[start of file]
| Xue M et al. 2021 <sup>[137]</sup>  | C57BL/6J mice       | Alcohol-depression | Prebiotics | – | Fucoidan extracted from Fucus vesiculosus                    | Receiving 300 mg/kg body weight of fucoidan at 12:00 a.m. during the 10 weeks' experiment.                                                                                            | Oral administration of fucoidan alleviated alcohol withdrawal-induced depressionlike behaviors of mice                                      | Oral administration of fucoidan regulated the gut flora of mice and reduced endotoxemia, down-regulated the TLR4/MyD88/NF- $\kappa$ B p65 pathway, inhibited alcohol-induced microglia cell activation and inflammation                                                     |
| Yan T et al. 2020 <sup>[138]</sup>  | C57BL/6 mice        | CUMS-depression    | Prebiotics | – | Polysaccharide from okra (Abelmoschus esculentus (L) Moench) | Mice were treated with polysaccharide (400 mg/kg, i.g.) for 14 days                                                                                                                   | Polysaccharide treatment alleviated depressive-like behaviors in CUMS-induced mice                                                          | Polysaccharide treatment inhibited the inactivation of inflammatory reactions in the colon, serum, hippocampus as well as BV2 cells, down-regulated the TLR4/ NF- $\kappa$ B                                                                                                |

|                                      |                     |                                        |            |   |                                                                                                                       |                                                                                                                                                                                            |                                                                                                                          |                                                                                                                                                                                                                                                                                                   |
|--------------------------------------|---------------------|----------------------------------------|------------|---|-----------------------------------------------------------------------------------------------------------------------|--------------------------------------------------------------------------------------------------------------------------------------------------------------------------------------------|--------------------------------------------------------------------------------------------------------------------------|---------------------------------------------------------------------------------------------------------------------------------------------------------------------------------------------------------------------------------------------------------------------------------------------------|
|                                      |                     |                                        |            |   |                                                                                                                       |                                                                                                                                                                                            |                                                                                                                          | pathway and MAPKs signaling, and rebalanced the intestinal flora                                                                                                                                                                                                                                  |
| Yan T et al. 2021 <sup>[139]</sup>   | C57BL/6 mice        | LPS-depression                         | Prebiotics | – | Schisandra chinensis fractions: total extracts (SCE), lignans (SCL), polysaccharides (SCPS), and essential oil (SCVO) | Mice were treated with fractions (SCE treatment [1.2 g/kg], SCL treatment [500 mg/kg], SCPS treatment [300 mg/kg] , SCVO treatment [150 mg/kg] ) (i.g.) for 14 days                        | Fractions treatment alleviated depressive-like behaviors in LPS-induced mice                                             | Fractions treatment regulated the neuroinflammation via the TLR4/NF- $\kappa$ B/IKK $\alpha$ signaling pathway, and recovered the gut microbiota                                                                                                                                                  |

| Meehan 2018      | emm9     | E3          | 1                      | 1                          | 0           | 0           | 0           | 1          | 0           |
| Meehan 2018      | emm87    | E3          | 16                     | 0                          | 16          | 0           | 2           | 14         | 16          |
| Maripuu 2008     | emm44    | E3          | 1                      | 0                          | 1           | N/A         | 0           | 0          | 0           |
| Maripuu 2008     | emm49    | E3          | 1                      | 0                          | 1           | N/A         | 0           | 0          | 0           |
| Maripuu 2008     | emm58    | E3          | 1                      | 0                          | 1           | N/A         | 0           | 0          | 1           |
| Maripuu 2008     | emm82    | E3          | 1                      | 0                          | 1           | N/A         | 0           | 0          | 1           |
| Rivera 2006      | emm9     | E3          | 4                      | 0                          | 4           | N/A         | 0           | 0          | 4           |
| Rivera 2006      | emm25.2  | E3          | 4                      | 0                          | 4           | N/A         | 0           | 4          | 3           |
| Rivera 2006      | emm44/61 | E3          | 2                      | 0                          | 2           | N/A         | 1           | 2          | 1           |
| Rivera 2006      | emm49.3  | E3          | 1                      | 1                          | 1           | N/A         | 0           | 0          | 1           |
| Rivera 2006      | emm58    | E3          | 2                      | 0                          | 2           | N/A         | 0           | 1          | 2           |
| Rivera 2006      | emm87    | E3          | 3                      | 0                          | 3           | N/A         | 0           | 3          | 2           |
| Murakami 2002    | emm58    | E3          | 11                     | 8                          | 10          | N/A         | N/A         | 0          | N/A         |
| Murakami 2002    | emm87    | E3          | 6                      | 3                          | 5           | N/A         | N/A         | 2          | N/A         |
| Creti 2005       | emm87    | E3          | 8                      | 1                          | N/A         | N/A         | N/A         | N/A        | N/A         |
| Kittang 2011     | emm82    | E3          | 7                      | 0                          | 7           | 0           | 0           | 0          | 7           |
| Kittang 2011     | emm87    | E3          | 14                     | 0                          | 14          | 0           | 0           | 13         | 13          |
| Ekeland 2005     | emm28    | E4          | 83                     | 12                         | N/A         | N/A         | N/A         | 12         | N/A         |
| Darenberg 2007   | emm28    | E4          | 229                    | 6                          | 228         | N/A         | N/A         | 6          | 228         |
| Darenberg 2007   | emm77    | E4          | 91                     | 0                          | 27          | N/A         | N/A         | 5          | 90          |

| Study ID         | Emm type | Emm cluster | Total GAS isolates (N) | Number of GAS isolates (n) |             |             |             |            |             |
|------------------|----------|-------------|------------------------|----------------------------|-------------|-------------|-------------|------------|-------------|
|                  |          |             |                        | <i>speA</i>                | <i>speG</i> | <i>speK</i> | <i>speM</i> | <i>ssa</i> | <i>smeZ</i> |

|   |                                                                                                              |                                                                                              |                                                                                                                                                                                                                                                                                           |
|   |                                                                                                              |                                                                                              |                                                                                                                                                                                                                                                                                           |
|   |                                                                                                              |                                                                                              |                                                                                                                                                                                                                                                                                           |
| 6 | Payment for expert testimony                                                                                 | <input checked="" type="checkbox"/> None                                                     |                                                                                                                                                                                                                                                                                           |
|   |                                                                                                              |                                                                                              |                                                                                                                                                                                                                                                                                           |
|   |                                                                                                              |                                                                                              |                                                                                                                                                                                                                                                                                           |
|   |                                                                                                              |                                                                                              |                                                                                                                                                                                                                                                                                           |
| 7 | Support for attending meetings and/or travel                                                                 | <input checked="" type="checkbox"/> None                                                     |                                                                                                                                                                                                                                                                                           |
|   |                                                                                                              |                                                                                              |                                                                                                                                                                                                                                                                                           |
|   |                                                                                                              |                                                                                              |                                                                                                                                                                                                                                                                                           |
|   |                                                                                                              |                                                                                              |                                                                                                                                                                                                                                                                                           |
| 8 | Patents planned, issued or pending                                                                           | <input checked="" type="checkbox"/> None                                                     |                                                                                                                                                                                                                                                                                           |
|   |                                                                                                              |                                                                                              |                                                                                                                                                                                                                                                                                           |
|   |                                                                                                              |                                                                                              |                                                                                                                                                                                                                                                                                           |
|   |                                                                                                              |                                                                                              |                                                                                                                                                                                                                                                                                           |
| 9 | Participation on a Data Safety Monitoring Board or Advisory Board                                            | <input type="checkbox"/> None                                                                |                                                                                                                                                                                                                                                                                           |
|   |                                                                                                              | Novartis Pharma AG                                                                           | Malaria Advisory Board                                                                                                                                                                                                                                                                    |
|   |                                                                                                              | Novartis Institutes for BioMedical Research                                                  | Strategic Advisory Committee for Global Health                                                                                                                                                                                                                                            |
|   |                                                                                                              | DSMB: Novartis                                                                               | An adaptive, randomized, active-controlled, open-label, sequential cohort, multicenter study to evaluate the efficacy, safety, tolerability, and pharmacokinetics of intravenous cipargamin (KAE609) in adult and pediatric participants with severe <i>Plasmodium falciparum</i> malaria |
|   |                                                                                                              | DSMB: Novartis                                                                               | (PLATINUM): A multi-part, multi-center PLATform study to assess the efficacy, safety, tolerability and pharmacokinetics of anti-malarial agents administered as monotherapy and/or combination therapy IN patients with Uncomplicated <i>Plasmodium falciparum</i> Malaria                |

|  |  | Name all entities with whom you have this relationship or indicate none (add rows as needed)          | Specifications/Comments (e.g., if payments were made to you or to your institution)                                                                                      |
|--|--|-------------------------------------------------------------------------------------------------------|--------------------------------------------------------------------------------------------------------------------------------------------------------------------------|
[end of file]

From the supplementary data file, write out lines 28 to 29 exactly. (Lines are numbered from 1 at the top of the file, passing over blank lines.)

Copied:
|------------------|----------|-------------|------------------------|----------------------------|-------------|-------------|-------------|------------|-------------|
|                  |          |             |                        | <i>speA</i>                | <i>speG</i> | <i>speK</i> | <i>speM</i> | <i>ssa</i> | <i>smeZ</i> |